Vanderboegh wrote this open letter to Melson, urging him to fire O’Brien and her assistant at once.
[T]his cover-up is going on right under your nose, and, if you indeed are still the Acting Director of ATF, you have the responsibility to stop it immediately.
(See also here.)
What are people saying about this?
Representative Allen West (R-FL) said yesterday that President Obama needs to fire General Holder. If he does not, then he is just as guilty, West said.
Vanderboegh sees something else at work: a frantic effort by some commentators to save the meme that too many guns are flowing too freely. To suggest that, they keep saying that ATF has been rudderless since it has only an acting director. (Never mind that General Holder might have brought Melson in to set him up to take the blame.) This post in Politico.com is typical. It quotes Paul Helmke, head of the Brady Campaign, as saying that ATF is “weak” and that if it doesn’t get a permanent director soon, it might as well disband.
Ridiculous, says Vanderboegh. And more:
Now folks, when rabid anti-gunners like Helmke get around to accepting the ATF’s demise, you’ve got to ask yourself why. The answer? They are protecting the larger mission—both the Obama administration and the gun control mission. This scandal is so bad, they know they’ll have to give up something. But they also know that the firearm laws of the United States are not going to be repealed anytime soon.
Vanderboegh, Codrea, and the others have already shown that the scandal goes far beyond ATF. Even Congress—or at least, those in Congress who care to know—know it.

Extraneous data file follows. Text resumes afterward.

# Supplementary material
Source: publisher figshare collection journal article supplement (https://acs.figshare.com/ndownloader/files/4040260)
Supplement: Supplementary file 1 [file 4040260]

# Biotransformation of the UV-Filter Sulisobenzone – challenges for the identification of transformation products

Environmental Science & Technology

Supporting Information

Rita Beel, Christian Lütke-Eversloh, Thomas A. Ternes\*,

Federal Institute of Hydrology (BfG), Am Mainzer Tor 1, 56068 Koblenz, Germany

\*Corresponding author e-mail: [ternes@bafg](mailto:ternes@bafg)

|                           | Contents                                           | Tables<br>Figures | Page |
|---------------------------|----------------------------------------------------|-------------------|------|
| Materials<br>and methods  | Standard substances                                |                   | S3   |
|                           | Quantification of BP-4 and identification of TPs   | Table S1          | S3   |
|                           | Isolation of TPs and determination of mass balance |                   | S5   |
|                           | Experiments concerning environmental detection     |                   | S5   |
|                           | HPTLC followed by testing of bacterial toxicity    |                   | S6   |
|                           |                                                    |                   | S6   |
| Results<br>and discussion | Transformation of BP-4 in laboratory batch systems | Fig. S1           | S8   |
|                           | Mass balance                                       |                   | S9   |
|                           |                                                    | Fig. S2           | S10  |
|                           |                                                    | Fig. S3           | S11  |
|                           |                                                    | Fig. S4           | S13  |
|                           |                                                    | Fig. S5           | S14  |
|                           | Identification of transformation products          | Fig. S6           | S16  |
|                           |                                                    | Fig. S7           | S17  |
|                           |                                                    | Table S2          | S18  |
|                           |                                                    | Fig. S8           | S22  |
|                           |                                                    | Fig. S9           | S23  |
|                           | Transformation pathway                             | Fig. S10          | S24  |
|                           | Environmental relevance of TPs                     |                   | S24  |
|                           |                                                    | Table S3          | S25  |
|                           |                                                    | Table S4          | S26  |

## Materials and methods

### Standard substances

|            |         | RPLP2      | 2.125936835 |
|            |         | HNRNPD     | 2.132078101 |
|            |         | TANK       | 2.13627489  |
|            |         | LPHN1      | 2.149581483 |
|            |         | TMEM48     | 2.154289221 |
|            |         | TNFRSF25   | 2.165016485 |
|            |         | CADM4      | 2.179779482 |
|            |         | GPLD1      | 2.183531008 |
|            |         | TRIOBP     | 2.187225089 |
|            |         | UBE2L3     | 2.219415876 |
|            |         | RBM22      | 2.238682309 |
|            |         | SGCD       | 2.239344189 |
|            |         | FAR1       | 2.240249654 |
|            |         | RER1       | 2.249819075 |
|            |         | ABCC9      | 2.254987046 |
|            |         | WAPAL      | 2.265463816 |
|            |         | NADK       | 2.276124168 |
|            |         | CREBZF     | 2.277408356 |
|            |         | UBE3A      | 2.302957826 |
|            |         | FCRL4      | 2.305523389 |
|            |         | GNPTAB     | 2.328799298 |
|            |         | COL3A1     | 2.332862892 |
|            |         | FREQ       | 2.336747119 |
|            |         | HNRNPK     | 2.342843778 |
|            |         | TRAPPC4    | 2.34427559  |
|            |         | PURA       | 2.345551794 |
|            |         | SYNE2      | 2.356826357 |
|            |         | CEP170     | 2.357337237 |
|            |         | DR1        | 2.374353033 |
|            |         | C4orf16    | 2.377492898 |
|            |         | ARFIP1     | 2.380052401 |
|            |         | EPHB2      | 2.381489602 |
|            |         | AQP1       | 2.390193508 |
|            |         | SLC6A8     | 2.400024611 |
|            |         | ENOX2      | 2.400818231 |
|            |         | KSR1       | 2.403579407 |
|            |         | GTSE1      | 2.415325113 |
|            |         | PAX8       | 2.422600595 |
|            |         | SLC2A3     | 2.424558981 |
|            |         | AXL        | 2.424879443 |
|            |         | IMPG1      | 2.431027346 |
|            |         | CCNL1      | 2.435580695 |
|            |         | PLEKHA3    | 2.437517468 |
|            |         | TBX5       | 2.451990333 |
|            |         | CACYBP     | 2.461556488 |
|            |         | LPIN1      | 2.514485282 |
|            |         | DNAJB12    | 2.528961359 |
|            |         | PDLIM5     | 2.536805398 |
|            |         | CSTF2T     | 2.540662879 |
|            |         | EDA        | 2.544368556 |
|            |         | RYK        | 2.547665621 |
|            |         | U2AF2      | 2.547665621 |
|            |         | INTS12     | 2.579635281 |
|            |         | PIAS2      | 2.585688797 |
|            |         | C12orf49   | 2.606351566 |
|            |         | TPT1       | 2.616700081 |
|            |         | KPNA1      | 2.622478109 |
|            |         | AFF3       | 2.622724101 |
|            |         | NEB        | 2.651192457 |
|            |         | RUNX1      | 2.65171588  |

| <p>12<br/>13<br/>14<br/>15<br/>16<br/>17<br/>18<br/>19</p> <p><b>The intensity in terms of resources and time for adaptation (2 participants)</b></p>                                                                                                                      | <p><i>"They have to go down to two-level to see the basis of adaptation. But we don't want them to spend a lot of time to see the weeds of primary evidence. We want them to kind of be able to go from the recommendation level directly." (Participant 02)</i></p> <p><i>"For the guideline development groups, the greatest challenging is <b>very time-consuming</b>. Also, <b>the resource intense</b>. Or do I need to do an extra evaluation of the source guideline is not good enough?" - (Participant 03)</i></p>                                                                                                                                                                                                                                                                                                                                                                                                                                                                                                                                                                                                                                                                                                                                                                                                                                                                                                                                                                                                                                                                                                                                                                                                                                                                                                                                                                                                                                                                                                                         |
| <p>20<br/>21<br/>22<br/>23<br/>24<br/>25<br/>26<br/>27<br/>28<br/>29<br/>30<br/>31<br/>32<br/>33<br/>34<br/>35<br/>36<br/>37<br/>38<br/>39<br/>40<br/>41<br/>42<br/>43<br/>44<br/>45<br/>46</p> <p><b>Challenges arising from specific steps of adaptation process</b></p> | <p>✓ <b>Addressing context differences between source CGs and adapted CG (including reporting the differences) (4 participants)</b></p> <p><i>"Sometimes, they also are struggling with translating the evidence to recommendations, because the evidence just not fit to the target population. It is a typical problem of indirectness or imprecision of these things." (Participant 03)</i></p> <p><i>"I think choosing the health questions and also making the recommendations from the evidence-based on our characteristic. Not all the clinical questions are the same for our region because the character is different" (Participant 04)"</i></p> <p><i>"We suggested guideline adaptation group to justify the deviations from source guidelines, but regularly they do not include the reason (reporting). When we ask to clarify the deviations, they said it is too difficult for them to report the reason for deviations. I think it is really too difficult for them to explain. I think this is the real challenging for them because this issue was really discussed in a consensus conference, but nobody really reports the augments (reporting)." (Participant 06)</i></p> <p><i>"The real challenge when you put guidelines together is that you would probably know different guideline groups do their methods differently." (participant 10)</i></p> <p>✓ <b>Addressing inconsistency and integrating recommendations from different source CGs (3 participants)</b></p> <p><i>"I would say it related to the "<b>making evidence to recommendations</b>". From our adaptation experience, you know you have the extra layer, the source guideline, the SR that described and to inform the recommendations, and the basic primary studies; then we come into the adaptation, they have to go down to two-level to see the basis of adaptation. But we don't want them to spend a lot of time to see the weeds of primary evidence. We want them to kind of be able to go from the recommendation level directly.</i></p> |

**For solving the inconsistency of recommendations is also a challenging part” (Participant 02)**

What is the gun control mission?
That mission has several parts. One is the United Nations Small Arms Convention. That will come before the Senate next year. The Senate must never ratify it. Happily, the Supreme Court, in an unrelated matter, said in 2008 that no treaty can trump a person’s rights, or a State’s rights, under the Constitution.
But another part of the mission is to repeal, or merely to ignore, the Second Amendment.
Consider: President Obama and his closest advisers said for years that the overwhelming largest part of the guns in Mexico came from the USA. Then came evidence that a much smaller portion came from the American Southwest. Furthermore, the drug cartels were getting their munitions from Central America, not the USA. And now we know that the guns were getting into Honduras—from the USA. How convenient. Except that the United States government threw those guns down in Honduras, so that they could say that gun-crazy America was the small-arms supplier to every dangerous criminal in Latin America, or at least in Mexico.
Mexican authorities now know enough about the true source to demand that the USA extradite its own officials to Mexico to face trial there. That aside, Congress surely has enough evidence to remove some “civil officers” from office on impeachment for, and conviction of, offenses tantamount to treason.
Featured image: a typical cross-cut document shredder. Photo: CNAV.